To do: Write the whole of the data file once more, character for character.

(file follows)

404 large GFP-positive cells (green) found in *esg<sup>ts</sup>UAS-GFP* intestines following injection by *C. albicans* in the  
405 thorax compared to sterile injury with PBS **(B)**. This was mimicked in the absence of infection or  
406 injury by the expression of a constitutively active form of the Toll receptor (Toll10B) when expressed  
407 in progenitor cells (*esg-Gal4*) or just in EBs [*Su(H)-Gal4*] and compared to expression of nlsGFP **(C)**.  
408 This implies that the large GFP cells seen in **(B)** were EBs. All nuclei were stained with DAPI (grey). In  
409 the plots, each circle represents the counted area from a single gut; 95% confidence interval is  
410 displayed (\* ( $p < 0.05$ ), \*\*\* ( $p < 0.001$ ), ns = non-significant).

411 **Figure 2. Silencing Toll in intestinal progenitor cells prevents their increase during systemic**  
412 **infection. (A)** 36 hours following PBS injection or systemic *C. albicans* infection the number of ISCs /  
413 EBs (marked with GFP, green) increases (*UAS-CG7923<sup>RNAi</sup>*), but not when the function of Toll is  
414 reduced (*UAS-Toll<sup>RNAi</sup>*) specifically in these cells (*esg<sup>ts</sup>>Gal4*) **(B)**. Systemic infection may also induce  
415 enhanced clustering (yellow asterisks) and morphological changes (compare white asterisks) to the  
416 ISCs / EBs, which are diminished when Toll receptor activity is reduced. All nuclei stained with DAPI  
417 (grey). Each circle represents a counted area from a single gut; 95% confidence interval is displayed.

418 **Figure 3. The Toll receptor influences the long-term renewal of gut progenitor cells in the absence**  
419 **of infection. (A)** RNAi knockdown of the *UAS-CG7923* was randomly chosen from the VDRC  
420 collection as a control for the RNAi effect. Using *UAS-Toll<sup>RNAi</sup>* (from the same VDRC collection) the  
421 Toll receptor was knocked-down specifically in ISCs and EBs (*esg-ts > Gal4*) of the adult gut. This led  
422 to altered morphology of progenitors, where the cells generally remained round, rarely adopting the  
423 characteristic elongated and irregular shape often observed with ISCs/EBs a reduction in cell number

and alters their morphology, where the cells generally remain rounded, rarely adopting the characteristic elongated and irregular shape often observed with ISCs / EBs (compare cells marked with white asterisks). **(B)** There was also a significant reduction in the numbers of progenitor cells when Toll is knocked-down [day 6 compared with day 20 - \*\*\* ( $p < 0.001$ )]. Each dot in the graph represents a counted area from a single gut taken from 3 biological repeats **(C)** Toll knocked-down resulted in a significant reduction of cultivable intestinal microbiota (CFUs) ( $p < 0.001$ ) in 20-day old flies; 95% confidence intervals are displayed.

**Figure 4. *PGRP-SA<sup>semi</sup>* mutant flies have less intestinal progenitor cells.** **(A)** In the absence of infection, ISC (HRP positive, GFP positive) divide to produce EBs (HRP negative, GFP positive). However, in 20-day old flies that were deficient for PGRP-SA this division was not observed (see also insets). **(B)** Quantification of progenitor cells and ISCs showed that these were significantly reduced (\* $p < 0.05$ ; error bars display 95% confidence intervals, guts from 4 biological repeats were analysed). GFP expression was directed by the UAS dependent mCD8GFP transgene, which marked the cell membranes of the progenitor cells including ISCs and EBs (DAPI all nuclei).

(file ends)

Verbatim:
404 large GFP-positive cells (green) found in *esg<sup>ts</sup>UAS-GFP* intestines following injection by *C. albicans* in the  
405 thorax compared to sterile injury with PBS **(B)**. This was mimicked in the absence of infection or  
406 injury by the expression of a constitutively active form of the Toll receptor (Toll10B) when expressed  
407 in progenitor cells (*esg-Gal4*) or just in EBs [*Su(H)-Gal4*] and compared to expression of nlsGFP **(C)**.  
408 This implies that the large GFP cells seen in **(B)** were EBs. All nuclei were stained with DAPI (grey). In  
409 the plots, each circle represents the counted area from a single gut; 95% confidence interval is  
410 displayed (\* ( $p < 0.05$ ), \*\*\* ( $p < 0.001$ ), ns = non-significant).

411 **Figure 2. Silencing Toll in intestinal progenitor cells prevents their increase during systemic**  
412 **infection. (A)** 36 hours following PBS injection or systemic *C. albicans* infection the number of ISCs /  
413 EBs (marked with GFP, green) increases (*UAS-CG7923<sup>RNAi</sup>*), but not when the function of Toll is  
414 reduced (*UAS-Toll<sup>RNAi</sup>*) specifically in these cells (*esg<sup>ts</sup>>Gal4*) **(B)**. Systemic infection may also induce  
415 enhanced clustering (yellow asterisks) and morphological changes (compare white asterisks) to the  
416 ISCs / EBs, which are diminished when Toll receptor activity is reduced. All nuclei stained with DAPI  
417 (grey). Each circle represents a counted area from a single gut; 95% confidence interval is displayed.

418 **Figure 3. The Toll receptor influences the long-term renewal of gut progenitor cells in the absence**  
419 **of infection. (A)** RNAi knockdown of the *UAS-CG7923* was randomly chosen from the VDRC  
420 collection as a control for the RNAi effect. Using *UAS-Toll<sup>RNAi</sup>* (from the same VDRC collection) the  
421 Toll receptor was knocked-down specifically in ISCs and EBs (*esg-ts > Gal4*) of the adult gut. This led  
422 to altered morphology of progenitors, where the cells generally remained round, rarely adopting the  
423 characteristic elongated and irregular shape often observed with ISCs/EBs a reduction in cell number

and alters their morphology, where the cells generally remain rounded, rarely adopting the characteristic elongated and irregular shape often observed with ISCs / EBs (compare cells marked with white asterisks). **(B)** There was also a significant reduction in the numbers of progenitor cells when Toll is knocked-down [day 6 compared with day 20 - \*\*\* ( $p < 0.001$ )]. Each dot in the graph represents a counted area from a single gut taken from 3 biological repeats **(C)** Toll knocked-down resulted in a significant reduction of cultivable intestinal microbiota (CFUs) ( $p < 0.001$ ) in 20-day old flies; 95% confidence intervals are displayed.

**Figure 4. *PGRP-SA<sup>semi</sup>* mutant flies have less intestinal progenitor cells.** **(A)** In the absence of infection, ISC (HRP positive, GFP positive) divide to produce EBs (HRP negative, GFP positive). However, in 20-day old flies that were deficient for PGRP-SA this division was not observed (see also insets). **(B)** Quantification of progenitor cells and ISCs showed that these were significantly reduced (\* $p < 0.05$ ; error bars display 95% confidence intervals, guts from 4 biological repeats were analysed). GFP expression was directed by the UAS dependent mCD8GFP transgene, which marked the cell membranes of the progenitor cells including ISCs and EBs (DAPI all nuclei).